Baird was a tough and brave Scot who achieved fame at the capture of Seringapatam in 1799 but who was doomed to play second fiddle to other generals. As a young captain he served in India with the 73rd Highlanders in Sir Hector Munro's campaign, but at the disastrous battle of Pollilur in 1780 he was wounded, captured by Hyder Ali and imprisoned in the stronghold at Seringapatam for 4 years in chains with the bullet still inside him. When Baird's mother heard of his captivity she famously remarked, "God help the chiel chained to our Davie." (chiel being an old Scottish word for a fellow or lad)
More service in India and the Cape of Good Hope followed but in 1799 he was a major-general serving in General Harris's siege of Seringapatam. Baird had the satisfaction of leading the assault on the stronghold where he spent those 4 miserable years, and seeing the dead body of Tipoo Sultan, the Tiger of Mysore and son of Hyder Ali.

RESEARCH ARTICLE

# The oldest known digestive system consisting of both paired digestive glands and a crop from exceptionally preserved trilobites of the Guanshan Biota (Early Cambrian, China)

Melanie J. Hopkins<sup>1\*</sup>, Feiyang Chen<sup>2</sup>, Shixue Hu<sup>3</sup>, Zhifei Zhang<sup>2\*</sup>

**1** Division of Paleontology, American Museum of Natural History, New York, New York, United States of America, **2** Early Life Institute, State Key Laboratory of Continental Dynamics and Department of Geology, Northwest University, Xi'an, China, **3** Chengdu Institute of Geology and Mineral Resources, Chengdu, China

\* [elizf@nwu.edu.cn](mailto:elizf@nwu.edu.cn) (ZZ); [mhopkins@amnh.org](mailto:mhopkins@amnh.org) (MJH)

In 1801 Baird led the Indian Army in Egypt in Abercromby's campaign against the French. In the same year he was appointed Colonel of the 54th Regiment which lasted until 1807 when he became Colonel of the 24th Regiment. He led an expedition to the Cape of Good Hope in 1805 where Cape Town was captured from the Dutch and he became governor of the Cape.
In 1807 he was wounded in the bombardment of Copenhagen and the following year he was second in command of the British army in the Peninsula where Sir John Moore led them back to Corunna. He took over when Moore was killed but shortly after his arm was shattered by a musket ball and he had to relinquish command. Baird had difficulty coming to terms with the rise of the more junior Arthur Wellesley who was twice given positions that Baird had hoped to attain. He reached the rank of General in 1814 and was made Commander-in-Chief in Ireland in 1820. He died at his home in Crieff in Perth and Kinross, on 18th Aug 1829 aged 71.
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